In the state of Massachusetts, a restraining order is also known as a 209A order. If a restraining order has been issued against you and you violate any of its terms and conditions, you have committed a criminal offense. If convicted, you could face up to two-and-a-half years in jail and a fine of up to five thousand dollars. The best advice? Don’t violate a 209A order. But if you’ve made a mistake, or an angry ex has embellished the truth in order to punish you, it’s in your best interest to contact a skilled criminal defense attorney without delay.  The law offices of Altman and Altman have been representing individuals charged with violating restraining orders for over 50 years, our experienced criminal defense team is just a phone call away. Our phones are answered 24/7.

If convicted of violating a 209A order, you may be required to complete a “batterer’s program” in addition to jail time and fines. Judges take violations very seriously, and failure to abide by the terms of a 209A order can result in devastating consequences. Four elements must exist in order to convict someone of violating a restraining order.

So, what constitutes a violation? Let’s take a look:

Hello there. Attorney Sam Goldberg here with a question. What do the new motion picture “Patriots Day”, the issue of bullying and this blog have in common?

The answer is a certain hip hop artist I have mentioned from time to time by the name of Token. Token has a very small part in the movie…and a non-musical one at that. However, he has also recently released his latest music video, “Exception”, which can be found at various places.

Without going through the entire story line and it tragic ending, suffice to say that the video takes the march against bullying from a different perspective. Sure, the song is anti-bullying. But, then again, most people are.

This song, though, focuses it’s attention on the witnesses to events of bullying. In fact, as in various interviews, 18-year-old Token admits that he, himself, has been guilty of sitting back and simply watching such events in silence. He further explains that the reason for the title “Exception” refers to a line in the song indicating that the high school in the video is a typical suburban location where most people figure is an exception to the bullying issue…so nobody has to worry about it.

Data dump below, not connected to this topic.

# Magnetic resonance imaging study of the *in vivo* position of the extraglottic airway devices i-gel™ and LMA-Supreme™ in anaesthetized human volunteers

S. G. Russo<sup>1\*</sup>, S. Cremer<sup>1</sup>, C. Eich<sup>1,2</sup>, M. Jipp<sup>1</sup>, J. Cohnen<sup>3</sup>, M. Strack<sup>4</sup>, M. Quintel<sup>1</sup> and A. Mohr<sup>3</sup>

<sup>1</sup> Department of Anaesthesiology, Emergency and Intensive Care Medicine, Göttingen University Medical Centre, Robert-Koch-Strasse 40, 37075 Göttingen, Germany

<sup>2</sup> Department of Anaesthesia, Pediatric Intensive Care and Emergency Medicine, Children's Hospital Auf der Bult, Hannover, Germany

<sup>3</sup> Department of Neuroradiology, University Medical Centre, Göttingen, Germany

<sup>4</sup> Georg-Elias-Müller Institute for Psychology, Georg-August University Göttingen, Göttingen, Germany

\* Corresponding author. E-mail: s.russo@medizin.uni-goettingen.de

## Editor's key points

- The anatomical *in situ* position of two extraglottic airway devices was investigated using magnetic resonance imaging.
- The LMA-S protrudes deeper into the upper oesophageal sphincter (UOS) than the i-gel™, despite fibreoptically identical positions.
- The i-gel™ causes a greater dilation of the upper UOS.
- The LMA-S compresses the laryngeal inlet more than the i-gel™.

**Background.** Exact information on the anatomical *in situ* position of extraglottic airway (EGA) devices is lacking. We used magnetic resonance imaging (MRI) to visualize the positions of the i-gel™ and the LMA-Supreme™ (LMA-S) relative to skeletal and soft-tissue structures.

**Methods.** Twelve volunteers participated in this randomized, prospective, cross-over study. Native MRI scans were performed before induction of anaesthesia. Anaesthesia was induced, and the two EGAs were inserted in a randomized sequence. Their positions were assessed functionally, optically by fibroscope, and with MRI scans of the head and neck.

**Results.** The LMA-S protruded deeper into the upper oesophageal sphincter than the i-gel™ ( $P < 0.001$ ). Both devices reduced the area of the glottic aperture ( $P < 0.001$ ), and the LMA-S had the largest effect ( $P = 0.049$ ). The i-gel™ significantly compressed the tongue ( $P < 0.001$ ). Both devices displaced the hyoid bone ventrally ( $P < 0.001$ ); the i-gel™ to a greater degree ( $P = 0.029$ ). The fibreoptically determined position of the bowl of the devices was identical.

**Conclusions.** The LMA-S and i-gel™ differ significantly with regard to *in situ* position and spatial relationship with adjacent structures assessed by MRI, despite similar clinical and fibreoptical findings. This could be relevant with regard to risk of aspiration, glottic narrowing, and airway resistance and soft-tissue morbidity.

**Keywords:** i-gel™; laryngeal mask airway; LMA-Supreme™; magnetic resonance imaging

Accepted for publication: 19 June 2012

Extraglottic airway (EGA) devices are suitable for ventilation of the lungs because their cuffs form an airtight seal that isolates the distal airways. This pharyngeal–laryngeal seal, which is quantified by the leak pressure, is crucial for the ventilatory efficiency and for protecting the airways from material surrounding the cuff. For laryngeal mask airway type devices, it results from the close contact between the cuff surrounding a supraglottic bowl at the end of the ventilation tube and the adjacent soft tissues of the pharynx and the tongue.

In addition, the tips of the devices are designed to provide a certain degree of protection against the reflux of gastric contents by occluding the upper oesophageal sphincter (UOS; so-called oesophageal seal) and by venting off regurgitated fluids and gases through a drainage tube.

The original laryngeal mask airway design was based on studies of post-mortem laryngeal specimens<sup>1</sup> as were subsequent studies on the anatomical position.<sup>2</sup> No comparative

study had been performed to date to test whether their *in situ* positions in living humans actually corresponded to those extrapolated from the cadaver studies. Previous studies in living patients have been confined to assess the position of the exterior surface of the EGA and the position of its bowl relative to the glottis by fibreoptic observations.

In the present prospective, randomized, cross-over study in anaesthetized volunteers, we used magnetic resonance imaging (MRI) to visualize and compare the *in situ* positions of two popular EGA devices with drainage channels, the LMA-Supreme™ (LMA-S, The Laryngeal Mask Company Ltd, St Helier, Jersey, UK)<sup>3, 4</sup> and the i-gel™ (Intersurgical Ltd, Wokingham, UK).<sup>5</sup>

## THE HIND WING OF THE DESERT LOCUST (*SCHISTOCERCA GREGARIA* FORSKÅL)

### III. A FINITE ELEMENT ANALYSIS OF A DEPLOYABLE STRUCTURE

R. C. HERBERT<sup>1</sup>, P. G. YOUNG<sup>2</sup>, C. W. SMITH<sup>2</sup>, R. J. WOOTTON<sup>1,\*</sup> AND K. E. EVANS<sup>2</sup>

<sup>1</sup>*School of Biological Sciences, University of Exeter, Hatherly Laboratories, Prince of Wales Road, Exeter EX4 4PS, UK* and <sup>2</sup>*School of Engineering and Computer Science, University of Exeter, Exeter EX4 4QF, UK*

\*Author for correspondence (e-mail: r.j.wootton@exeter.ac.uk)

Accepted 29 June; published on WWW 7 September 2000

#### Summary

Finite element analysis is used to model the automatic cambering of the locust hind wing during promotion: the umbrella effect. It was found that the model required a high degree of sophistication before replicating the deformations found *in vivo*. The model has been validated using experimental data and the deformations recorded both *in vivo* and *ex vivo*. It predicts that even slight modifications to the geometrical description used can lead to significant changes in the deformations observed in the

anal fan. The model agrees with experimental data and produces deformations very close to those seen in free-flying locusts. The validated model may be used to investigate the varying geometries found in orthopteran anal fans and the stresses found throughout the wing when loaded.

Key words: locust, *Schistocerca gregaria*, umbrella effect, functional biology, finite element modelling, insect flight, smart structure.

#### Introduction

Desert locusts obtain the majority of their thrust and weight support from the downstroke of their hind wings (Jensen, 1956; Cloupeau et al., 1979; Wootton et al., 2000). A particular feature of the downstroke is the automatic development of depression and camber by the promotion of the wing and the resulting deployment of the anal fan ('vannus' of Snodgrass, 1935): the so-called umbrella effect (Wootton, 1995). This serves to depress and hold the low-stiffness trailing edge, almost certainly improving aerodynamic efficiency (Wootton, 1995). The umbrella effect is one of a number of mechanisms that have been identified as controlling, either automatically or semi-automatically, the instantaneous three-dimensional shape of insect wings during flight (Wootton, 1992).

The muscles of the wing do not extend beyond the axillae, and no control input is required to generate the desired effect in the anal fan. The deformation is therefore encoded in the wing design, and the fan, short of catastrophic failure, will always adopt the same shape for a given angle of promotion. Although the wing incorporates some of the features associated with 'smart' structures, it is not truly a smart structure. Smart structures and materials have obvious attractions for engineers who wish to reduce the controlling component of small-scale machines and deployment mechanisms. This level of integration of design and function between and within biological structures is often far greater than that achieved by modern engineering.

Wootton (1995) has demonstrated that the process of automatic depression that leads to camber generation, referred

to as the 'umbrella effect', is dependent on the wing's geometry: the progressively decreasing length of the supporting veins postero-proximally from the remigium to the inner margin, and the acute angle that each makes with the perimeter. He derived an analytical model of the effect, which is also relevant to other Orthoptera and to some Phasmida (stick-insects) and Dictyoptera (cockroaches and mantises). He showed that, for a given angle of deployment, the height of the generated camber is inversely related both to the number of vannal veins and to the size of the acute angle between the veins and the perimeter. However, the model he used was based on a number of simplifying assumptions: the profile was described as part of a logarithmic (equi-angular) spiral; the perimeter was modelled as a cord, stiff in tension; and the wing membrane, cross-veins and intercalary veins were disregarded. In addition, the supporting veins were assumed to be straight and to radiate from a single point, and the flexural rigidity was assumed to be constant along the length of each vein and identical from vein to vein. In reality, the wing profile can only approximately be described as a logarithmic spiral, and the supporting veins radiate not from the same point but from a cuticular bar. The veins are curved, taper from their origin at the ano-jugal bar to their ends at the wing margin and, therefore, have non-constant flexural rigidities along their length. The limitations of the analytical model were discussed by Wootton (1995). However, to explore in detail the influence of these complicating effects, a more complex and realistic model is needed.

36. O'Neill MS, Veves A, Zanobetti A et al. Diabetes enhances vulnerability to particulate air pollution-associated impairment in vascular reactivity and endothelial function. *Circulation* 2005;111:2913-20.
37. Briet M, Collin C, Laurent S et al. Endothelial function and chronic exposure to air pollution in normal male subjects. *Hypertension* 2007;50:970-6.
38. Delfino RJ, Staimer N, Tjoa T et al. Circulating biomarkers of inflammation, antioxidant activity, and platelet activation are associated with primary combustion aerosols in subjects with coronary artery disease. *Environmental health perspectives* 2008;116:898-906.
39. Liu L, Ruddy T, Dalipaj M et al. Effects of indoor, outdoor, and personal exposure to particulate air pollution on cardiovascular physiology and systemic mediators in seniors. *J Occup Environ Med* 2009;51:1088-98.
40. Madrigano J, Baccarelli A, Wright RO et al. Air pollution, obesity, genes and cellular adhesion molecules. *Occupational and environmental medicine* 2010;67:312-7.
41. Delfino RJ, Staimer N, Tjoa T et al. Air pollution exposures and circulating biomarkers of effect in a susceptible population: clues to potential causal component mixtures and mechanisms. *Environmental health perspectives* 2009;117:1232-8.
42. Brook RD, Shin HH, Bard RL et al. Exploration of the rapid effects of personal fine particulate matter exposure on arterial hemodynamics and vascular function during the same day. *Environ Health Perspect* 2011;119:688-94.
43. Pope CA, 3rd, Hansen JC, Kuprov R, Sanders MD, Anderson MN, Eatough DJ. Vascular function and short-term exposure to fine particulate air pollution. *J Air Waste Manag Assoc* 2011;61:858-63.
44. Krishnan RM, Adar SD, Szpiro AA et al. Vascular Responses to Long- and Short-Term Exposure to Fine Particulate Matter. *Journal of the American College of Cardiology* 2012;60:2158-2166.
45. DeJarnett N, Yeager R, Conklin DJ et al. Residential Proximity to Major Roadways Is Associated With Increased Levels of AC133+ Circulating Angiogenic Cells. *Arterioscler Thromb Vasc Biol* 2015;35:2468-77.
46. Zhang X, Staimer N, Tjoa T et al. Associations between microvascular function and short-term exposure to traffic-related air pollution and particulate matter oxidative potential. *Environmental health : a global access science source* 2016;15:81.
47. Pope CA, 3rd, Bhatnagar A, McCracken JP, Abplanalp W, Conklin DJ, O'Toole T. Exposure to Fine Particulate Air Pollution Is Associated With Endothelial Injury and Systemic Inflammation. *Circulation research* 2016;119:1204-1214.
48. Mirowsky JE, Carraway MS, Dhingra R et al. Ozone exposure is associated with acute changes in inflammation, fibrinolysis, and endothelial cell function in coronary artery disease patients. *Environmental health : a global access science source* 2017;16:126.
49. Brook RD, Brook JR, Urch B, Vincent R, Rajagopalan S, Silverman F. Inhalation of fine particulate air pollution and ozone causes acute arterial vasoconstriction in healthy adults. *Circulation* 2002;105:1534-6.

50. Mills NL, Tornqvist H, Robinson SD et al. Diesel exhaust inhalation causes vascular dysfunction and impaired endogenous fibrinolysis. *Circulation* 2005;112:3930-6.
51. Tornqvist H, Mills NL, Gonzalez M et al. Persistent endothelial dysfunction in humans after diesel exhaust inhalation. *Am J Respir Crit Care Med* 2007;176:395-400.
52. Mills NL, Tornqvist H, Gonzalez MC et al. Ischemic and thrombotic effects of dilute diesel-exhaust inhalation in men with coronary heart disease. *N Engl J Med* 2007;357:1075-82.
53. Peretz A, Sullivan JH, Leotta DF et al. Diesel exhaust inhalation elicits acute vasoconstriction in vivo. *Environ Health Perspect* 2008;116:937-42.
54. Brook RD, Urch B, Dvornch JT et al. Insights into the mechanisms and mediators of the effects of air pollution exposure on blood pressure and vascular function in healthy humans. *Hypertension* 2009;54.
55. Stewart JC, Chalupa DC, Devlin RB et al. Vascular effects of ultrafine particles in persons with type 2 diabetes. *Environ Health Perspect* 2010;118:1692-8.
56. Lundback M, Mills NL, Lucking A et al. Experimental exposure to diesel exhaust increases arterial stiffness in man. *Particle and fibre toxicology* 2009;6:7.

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A Stoughton gent, I think we will soon hear, had a wacky sense of humor Unfortunately, it was not shared by those around him. In fact, what he apparently found clever was something that most of us find rather disturbing.

As a result, Mr. Anthony Rae, 24 and hereinafter, the “Defendant”, is a current involuntary guest of the United States Government. He has been arrested for sending bizarre bomb threats to various locations. According to the United States Attorney’s office, these included various academic institutions.

The Defendant was not exactly the picture of stealth according to the prosecution. They say that he hacked into his mother’s email and sent some of them from there.

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Welcome to 2014. A new IPhone is supposed to come out and the technological landscape seems endless. With endless horizons, however, come unknown dangers. Adults may not yet completely understand this technology. Our kids do, though.

They understand it just enough to get themselves into trouble.

“Innocent girl on Instagram flipping the bird.

The internet is still a relatively new and growing phenomenon. Adults struggle to keep up with the rapid, almost daily, changes it brings to our lives. Somehow, though, kids seem to be at the forefront of the new technology. And that can be a problem. A criminal-justice-type problem.

This Boston criminal lawyer has seen more than his fair share of cases evolve from juveniles making “stupid mistakes” online. Kids making mistakes in judgment is not new. However, law enforcement is not as forgiving as it once was.

The new most popular playground is the internet. Like many playgrounds, there are unseen dangers here. Kids, being kids, find all kinds of ways to get into danger in various play areas…and the internet is no difference.

Last week, Friday brought some disturbing news to the students at Cambridge’s Harvard University. If you are a regular reader to this blog, you probably Saw this news as Inevitable. While not technically a college crime, it is close enough.

You may Recognize the allegations in this story from our discussion of it back in August 2012. It was then that Harvard announced that a cheating scandal had taken place at the University.

According to Harvard, the cheating scandal took place in the spring, 2012, class, “Government 1310: Introduction to Congress.”

This was not a scandal which involved merely a couple of students. It was a rather widespread problem. Over 100 students type of widespread problem.

Now, the announcement has come from a top university official that more than half of the students investigated by a college board have been ordered to withdraw from the school.
In an e-mail to the Harvard community, Dean of the Faculty of Arts and Sciences Michael D. Smith wrote that more than half of the students who were brought before the university’s Administration Board this fall were required to withdraw from school for a period of time.

Of the remaining cases, approximately half the students received disciplinary probation, while the rest of the cases were dismissed.

Smith added that the first set of cases were decided in late September, and the remainder were resolved in December.